A German court is scheduled to deliver its ruling on Thursday in the trial of Anwar Raslan, a former Syrian secret police officer who is accused of crimes against humanity.

A key part of the evidence against Raslan were the photographs of alleged torture victims smuggled out of Syria by a former police officer, who goes by the alias of Caesar.
A key part of the evidence against Raslan were the photographs of alleged torture victims smuggled out of Syria by a former police officer, who goes by the alias of Caesar. (Reuters)

Victims of torture in Syria and human rights activists have said they hope the upcoming verdict in a landmark trial will be a first step toward justice for countless Syrians who suffered abuse at the hands of Bashar Assad’s regime in the country’s long-running conflict.

A German court in Koblenz city will deliver its ruling on Thursday in the trial of Anwar Raslan, a former Syrian secret police officer who is accused of overseeing the abuse of detainees at a jail near Damascus a decade ago.

Speaking this week before the verdict, one of those who testified against Raslan said that whatever the outcome, the court proceedings in Germany would send an important message that those responsible for crimes in Syria can be held to account.

“As Syrians who suffered a lot, especially after the beginning of the revolution, (the trials shows) those sufferings are not in vain," said Wassim Mukdad, a torture survivor and co-plaintiff who — like the defendant — now lives in Germany.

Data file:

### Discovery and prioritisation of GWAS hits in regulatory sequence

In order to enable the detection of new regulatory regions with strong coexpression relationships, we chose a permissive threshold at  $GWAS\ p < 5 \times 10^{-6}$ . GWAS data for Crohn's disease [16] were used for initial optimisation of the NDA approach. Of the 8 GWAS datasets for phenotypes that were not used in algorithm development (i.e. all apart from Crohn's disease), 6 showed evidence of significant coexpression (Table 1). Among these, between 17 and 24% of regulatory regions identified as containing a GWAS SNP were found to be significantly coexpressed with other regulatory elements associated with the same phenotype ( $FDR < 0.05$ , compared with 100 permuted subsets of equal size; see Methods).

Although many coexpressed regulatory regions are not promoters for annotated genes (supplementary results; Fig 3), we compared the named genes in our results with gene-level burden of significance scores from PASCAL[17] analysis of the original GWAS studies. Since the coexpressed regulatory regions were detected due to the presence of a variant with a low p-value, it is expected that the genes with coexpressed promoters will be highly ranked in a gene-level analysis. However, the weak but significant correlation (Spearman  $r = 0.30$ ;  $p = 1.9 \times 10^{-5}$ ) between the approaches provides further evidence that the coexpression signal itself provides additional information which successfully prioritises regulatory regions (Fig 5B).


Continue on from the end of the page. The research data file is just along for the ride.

Mukdad was among dozens of witnesses who testified against Raslan and a second defendant, Eyad al Gharib, who was convicted last year of accessory to crimes against humanity and sentenced by the Koblenz state court to 4½ years in prison.

The court concluded that Gharib was part of a unit which detained anti-regime protesters and took them to a facility in the Syrian city of Douma known as Al Khatib, or Branch 251, where they were tortured.

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Systematic torture

Federal prosecutors allege that Raslan was the senior officer in charge of the jail and supervised the “systematic and brutal torture” of more than 4,000 prisoners between April 2011 and September 2012, resulting in the deaths of at least 58 people.

The court heard evidence implicating Raslan in 30 of those deaths, said Patrick Kroker, a lawyer with the European Center for Constitutional and Human Rights who represented several survivors at the trial. 

Instances of sexual violence are also being considered as part of the charge, he said.

Raslan could face life in prison if convicted. His lawyers asked the court last week to acquit their client, claiming that he never personally tortured anybody and that he defected in late 2012.

READ MORE: Former Syrian regime intelligence agent convicted in landmark torture trial

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Source: TRTWorld and agencies